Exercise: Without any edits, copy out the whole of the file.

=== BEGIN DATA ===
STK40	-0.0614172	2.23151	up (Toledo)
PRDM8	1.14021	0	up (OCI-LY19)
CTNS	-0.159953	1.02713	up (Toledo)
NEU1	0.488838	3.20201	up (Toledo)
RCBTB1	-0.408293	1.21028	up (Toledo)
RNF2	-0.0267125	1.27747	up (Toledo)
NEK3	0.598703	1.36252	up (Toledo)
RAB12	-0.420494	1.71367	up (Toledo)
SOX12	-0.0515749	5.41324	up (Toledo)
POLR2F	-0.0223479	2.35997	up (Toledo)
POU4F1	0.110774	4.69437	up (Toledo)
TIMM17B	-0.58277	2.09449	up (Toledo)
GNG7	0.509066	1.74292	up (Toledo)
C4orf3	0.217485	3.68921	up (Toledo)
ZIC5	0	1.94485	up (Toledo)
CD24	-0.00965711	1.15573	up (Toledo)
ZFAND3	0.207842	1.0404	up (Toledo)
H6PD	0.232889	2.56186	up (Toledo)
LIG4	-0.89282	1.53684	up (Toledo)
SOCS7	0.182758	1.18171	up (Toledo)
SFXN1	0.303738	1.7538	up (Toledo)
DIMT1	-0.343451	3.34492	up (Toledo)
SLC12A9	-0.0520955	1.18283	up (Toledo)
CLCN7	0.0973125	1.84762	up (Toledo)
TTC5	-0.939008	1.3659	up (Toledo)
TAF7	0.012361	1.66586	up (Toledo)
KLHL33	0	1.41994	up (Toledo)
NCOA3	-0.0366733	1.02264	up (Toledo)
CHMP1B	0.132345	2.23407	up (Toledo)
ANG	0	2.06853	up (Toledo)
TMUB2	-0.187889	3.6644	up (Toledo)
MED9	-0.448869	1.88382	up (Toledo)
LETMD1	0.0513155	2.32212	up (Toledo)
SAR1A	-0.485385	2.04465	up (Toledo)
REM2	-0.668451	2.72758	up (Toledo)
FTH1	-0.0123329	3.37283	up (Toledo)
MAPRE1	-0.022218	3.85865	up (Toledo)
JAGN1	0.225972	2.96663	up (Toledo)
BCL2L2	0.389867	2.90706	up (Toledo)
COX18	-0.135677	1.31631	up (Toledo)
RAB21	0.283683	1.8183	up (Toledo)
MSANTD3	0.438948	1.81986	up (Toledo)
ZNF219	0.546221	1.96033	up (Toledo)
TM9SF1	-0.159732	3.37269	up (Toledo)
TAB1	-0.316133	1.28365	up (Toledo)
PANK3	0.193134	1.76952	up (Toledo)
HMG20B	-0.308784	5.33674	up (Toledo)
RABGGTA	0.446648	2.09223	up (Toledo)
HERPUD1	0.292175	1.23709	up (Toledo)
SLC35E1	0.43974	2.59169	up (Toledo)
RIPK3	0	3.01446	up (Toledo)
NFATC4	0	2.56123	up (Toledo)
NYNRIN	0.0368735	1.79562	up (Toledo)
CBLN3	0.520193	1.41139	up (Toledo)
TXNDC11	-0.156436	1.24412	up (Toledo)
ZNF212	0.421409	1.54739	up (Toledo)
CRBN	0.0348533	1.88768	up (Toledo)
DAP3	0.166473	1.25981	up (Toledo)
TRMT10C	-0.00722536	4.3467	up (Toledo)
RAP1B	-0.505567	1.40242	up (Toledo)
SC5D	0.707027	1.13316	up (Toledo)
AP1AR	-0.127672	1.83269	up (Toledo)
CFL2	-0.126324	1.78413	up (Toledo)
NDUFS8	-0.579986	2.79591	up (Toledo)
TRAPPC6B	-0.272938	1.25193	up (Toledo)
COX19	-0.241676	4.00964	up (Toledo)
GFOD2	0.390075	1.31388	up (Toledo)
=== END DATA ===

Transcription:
STK40	-0.0614172	2.23151	up (Toledo)
PRDM8	1.14021	0	up (OCI-LY19)
CTNS	-0.159953	1.02713	up (Toledo)
NEU1	0.488838	3.20201	up (Toledo)
RCBTB1	-0.408293	1.21028	up (Toledo)
RNF2	-0.0267125	1.27747	up (Toledo)
NEK3	0.598703	1.36252	up (Toledo)
RAB12	-0.420494	1.71367	up (Toledo)
SOX12	-0.0515749	5.41324	up (Toledo)
POLR2F	-0.0223479	2.35997	up (Toledo)
POU4F1	0.110774	4.69437	up (Toledo)
TIMM17B	-0.58277	2.09449	up (Toledo)
GNG7	0.509066	1.74292	up (Toledo)
C4orf3	0.217485	3.68921	up (Toledo)
ZIC5	0	1.94485	up (Toledo)
CD24	-0.00965711	1.15573	up (Toledo)
ZFAND3	0.207842	1.0404	up (Toledo)
H6PD	0.232889	2.56186	up (Toledo)
LIG4	-0.89282	1.53684	up (Toledo)
SOCS7	0.182758	1.18171	up (Toledo)
SFXN1	0.303738	1.7538	up (Toledo)
DIMT1	-0.343451	3.34492	up (Toledo)
SLC12A9	-0.0520955	1.18283	up (Toledo)
CLCN7	0.0973125	1.84762	up (Toledo)
TTC5	-0.939008	1.3659	up (Toledo)
TAF7	0.012361	1.66586	up (Toledo)
KLHL33	0	1.41994	up (Toledo)
NCOA3	-0.0366733	1.02264	up (Toledo)
CHMP1B	0.132345	2.23407	up (Toledo)
ANG	0	2.06853	up (Toledo)
TMUB2	-0.187889	3.6644	up (Toledo)
MED9	-0.448869	1.88382	up (Toledo)
LETMD1	0.0513155	2.32212	up (Toledo)
SAR1A	-0.485385	2.04465	up (Toledo)
REM2	-0.668451	2.72758	up (Toledo)
FTH1	-0.0123329	3.37283	up (Toledo)
MAPRE1	-0.022218	3.85865	up (Toledo)
JAGN1	0.225972	2.96663	up (Toledo)
BCL2L2	0.389867	2.90706	up (Toledo)
COX18	-0.135677	1.31631	up (Toledo)
RAB21	0.283683	1.8183	up (Toledo)
MSANTD3	0.438948	1.81986	up (Toledo)
ZNF219	0.546221	1.96033	up (Toledo)
TM9SF1	-0.159732	3.37269	up (Toledo)
TAB1	-0.316133	1.28365	up (Toledo)
PANK3	0.193134	1.76952	up (Toledo)
HMG20B	-0.308784	5.33674	up (Toledo)
RABGGTA	0.446648	2.09223	up (Toledo)
HERPUD1	0.292175	1.23709	up (Toledo)
SLC35E1	0.43974	2.59169	up (Toledo)
RIPK3	0	3.01446	up (Toledo)
NFATC4	0	2.56123	up (Toledo)
NYNRIN	0.0368735	1.79562	up (Toledo)
CBLN3	0.520193	1.41139	up (Toledo)
TXNDC11	-0.156436	1.24412	up (Toledo)
ZNF212	0.421409	1.54739	up (Toledo)
CRBN	0.0348533	1.88768	up (Toledo)
DAP3	0.166473	1.25981	up (Toledo)
TRMT10C	-0.00722536	4.3467	up (Toledo)
RAP1B	-0.505567	1.40242	up (Toledo)
SC5D	0.707027	1.13316	up (Toledo)
AP1AR	-0.127672	1.83269	up (Toledo)
CFL2	-0.126324	1.78413	up (Toledo)
NDUFS8	-0.579986	2.79591	up (Toledo)
TRAPPC6B	-0.272938	1.25193	up (Toledo)
COX19	-0.241676	4.00964	up (Toledo)
GFOD2	0.390075	1.31388	up (Toledo)